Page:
Templates

Extensions that control how the site looks (as they do in WordPress and other systems). From Joomla 3 onwards, templates are and have been responsive. The use of templates makes site design easier for novices.

Languages

Language extensions within Joomla handle translations, general site languages, and information of various fonts. Especially for multi-language and international sites, language extensions are vital.

Joomla Requirements

Find The Best Joomla Hosting For You

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SiteGround screenshot
SiteGround StartUp plan
  • Support 5 stars
  • Features 5 stars
  • Uptime 5 stars
  • Value 4.5 stars
5 stars
2020 user reviews
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$3.95/mo
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BlueHost Shared Basic plan
10GB 5GB
  • Support 3.5 stars
  • Features 4 stars
  • Uptime 3.5 stars
  • Value 3.5 stars
3.5 stars
480 user reviews
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$2.75/mo
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iPage Essential Plan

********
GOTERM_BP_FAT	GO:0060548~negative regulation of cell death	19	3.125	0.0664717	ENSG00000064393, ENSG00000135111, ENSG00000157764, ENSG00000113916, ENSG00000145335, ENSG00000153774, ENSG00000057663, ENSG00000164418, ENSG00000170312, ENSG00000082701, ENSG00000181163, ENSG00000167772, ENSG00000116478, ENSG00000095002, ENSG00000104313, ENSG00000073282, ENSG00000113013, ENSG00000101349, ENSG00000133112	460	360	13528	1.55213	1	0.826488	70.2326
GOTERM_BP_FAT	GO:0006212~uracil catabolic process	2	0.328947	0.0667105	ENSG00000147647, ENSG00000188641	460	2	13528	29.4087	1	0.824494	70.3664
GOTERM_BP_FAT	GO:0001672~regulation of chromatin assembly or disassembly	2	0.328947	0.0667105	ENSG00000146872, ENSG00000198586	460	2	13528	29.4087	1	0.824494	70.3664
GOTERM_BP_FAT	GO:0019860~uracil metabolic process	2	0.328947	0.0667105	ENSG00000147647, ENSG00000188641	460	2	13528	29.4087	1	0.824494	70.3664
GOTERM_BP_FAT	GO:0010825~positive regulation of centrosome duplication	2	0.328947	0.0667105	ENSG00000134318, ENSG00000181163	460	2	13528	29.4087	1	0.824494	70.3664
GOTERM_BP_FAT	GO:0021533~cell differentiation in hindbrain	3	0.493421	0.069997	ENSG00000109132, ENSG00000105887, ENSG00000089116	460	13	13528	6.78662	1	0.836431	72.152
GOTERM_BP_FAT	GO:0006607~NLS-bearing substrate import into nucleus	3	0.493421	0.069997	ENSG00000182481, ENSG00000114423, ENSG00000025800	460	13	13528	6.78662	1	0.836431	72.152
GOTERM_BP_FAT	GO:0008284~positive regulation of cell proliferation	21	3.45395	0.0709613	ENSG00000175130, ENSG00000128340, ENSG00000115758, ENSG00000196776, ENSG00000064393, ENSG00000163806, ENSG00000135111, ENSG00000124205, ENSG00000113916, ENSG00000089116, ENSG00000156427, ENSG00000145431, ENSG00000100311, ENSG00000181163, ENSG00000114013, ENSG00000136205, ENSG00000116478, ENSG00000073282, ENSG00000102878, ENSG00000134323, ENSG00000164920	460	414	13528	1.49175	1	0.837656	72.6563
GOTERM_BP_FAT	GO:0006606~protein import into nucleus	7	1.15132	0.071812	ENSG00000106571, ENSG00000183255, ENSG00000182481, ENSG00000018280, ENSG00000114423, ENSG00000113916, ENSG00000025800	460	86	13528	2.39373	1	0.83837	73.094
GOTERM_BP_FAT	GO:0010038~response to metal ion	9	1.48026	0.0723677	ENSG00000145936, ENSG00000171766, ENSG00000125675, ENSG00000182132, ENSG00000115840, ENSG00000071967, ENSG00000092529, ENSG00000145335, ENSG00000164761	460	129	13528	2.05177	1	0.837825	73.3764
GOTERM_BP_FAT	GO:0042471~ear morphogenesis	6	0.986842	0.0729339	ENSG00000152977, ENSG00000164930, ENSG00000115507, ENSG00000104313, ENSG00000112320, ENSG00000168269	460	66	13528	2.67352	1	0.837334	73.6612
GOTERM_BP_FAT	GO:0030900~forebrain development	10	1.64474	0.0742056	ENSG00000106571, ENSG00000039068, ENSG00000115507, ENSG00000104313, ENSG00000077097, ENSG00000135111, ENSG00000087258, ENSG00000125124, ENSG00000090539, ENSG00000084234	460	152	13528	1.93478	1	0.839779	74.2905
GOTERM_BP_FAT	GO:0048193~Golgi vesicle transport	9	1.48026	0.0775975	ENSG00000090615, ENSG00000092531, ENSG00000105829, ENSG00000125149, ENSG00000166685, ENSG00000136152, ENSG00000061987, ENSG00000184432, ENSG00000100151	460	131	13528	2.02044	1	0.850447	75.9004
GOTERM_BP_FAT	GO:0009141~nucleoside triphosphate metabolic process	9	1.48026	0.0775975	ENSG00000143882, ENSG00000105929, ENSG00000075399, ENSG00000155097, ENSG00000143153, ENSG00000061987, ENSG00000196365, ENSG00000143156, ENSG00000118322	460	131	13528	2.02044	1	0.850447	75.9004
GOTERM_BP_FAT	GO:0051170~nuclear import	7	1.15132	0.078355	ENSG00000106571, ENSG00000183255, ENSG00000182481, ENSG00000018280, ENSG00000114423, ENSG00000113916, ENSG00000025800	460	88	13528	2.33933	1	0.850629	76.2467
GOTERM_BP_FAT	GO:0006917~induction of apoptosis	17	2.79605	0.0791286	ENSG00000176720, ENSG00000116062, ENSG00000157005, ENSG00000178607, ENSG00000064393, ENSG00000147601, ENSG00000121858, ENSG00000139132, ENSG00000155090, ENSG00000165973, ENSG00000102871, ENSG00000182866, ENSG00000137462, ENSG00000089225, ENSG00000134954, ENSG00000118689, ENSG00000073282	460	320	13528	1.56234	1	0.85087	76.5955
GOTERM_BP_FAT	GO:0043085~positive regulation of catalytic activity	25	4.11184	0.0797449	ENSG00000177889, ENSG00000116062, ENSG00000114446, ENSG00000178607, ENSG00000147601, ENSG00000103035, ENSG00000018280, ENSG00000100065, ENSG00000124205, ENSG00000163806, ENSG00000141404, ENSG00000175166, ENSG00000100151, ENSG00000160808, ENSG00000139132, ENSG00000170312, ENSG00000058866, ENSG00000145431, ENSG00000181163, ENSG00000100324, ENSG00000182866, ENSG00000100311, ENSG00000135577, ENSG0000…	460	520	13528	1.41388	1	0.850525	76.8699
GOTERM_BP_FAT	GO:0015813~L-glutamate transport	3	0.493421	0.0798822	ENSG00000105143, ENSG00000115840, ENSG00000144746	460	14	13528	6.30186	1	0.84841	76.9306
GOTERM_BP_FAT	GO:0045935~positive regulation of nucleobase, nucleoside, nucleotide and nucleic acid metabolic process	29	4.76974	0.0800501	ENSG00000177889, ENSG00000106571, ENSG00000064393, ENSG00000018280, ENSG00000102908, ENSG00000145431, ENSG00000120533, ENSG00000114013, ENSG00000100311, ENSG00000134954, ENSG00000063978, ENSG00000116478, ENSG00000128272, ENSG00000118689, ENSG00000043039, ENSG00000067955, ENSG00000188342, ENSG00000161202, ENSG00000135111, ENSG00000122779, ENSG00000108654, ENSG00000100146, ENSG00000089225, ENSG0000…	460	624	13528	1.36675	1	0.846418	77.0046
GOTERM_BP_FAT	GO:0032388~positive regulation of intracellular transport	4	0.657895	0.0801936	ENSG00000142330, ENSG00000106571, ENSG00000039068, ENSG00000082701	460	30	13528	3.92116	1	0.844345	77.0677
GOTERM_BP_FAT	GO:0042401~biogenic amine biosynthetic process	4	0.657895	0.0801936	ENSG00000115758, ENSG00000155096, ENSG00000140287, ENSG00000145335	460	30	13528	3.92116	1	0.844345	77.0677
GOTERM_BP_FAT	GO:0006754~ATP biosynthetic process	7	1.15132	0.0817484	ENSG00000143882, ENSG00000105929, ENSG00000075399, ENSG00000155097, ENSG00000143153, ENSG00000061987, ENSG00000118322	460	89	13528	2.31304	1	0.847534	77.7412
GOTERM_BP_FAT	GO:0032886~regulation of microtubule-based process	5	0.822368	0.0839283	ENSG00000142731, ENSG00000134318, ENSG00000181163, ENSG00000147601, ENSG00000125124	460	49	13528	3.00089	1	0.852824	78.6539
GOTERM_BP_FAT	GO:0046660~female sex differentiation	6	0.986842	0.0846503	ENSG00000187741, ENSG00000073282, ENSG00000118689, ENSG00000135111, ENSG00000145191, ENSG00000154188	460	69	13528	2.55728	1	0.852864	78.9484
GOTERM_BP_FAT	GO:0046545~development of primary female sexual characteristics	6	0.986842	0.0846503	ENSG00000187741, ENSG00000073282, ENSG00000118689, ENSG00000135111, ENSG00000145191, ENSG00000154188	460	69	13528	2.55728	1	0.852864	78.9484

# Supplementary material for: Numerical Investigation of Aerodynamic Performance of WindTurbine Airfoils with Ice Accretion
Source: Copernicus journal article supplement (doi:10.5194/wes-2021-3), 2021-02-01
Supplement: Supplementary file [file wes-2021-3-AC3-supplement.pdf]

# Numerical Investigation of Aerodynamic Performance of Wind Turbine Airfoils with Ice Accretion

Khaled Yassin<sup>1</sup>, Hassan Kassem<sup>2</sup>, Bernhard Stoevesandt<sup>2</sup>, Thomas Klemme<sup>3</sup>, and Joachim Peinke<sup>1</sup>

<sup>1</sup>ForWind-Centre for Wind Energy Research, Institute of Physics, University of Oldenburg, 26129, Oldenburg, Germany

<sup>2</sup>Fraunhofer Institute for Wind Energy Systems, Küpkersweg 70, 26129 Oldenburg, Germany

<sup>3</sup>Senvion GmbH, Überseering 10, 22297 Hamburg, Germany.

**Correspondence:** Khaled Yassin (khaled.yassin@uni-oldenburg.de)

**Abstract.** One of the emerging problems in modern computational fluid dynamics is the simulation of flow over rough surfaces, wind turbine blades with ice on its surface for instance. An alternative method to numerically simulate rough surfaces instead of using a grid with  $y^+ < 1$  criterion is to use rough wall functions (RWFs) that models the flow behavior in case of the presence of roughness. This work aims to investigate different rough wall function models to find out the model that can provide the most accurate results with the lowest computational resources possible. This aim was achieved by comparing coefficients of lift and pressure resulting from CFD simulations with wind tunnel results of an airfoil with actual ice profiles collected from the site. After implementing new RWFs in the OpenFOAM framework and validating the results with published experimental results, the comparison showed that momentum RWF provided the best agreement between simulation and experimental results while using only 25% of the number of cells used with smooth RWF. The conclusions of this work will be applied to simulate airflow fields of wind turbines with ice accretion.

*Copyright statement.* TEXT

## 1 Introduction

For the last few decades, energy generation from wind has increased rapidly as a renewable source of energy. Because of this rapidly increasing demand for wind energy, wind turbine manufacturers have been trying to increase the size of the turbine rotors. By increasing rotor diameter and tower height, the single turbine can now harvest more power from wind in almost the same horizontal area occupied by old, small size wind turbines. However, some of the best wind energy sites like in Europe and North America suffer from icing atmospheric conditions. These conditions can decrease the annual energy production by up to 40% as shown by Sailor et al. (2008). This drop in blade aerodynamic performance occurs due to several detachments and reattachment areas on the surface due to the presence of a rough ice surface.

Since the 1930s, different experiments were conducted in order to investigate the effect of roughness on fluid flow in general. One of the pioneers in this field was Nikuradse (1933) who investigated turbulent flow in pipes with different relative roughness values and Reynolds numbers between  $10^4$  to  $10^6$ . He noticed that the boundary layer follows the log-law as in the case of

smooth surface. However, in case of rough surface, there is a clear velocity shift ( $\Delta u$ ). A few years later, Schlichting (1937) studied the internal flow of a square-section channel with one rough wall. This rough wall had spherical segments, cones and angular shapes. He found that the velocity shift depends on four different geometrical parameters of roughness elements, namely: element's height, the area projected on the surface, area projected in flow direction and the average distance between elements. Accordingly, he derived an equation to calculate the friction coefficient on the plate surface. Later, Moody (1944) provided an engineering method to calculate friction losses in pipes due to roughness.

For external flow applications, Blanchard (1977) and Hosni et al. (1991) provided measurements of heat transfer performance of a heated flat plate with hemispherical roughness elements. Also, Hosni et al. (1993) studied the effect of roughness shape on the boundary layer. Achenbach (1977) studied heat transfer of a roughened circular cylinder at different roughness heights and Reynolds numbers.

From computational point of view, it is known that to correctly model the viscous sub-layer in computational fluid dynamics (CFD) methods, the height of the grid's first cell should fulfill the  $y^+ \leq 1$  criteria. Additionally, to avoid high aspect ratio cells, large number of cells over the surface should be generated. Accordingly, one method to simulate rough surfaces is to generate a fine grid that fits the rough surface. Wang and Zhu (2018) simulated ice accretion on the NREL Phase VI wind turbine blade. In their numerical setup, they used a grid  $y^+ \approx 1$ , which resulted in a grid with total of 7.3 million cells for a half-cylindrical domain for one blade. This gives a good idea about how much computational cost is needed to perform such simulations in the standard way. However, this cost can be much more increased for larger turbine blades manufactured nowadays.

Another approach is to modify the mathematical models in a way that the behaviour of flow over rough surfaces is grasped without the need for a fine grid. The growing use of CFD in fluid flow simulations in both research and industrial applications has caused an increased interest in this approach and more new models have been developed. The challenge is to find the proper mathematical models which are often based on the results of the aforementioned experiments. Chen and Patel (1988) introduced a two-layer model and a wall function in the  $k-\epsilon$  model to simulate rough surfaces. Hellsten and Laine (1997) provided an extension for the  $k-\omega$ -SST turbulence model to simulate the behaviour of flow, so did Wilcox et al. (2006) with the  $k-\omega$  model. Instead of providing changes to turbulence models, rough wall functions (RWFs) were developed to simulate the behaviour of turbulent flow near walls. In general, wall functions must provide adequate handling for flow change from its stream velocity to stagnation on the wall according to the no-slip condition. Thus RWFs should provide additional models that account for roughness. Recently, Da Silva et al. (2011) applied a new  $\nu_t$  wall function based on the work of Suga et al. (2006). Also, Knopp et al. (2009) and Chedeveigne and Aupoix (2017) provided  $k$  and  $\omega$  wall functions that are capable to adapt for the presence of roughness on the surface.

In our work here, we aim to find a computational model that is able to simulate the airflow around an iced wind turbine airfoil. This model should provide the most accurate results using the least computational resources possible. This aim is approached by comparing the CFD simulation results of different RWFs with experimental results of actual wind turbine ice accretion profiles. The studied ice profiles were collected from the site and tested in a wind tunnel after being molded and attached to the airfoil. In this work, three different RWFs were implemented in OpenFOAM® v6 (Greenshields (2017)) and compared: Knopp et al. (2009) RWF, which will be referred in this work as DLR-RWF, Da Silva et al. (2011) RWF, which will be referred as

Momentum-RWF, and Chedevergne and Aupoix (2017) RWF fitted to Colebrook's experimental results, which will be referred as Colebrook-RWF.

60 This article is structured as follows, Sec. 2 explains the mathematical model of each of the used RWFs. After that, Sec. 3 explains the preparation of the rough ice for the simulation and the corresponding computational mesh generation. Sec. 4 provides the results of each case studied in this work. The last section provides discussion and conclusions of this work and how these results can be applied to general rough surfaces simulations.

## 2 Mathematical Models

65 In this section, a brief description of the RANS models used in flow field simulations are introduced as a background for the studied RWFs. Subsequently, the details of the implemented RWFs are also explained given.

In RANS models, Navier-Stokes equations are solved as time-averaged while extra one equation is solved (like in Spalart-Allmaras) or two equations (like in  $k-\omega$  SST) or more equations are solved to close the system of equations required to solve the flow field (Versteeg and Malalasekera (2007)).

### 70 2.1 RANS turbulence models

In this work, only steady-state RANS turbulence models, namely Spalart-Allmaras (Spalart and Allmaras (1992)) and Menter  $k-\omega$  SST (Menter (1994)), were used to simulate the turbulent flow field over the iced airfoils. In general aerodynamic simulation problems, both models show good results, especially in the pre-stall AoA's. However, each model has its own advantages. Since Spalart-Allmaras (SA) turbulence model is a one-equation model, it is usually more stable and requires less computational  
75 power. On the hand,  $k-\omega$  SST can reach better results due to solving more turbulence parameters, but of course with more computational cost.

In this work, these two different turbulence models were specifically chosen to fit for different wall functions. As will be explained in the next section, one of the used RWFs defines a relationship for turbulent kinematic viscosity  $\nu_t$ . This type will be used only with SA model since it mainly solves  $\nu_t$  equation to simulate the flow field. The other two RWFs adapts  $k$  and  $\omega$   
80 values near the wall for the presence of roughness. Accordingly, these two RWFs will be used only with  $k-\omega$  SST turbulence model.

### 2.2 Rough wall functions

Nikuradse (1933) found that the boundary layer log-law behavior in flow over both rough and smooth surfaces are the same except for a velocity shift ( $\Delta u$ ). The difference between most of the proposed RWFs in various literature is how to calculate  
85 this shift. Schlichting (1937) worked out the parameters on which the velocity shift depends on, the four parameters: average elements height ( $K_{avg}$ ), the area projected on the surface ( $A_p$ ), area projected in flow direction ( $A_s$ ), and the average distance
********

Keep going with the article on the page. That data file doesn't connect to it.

• Support 4 stars
  • Features 4 stars
  • Uptime 4 stars
  • Value 4 stars
4 stars
435 user reviews
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$1.99/mo
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InMotion Hosting Business Launch plan
  • Support 4 stars
  • Features 4 stars
  • Uptime 4 stars
  • Value 4 stars
4 stars
554 user reviews
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A2 Hosting Lite plan
  • Support 4.5 stars
  • Features 4.5 stars
  • Uptime 4.5 stars
  • Value 4.5 stars
4.5 stars
229 user reviews
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$3.92/mo
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HostPapa WP Starter plan
  • Support 4 stars
  • Features 4 stars
  • Uptime 4 stars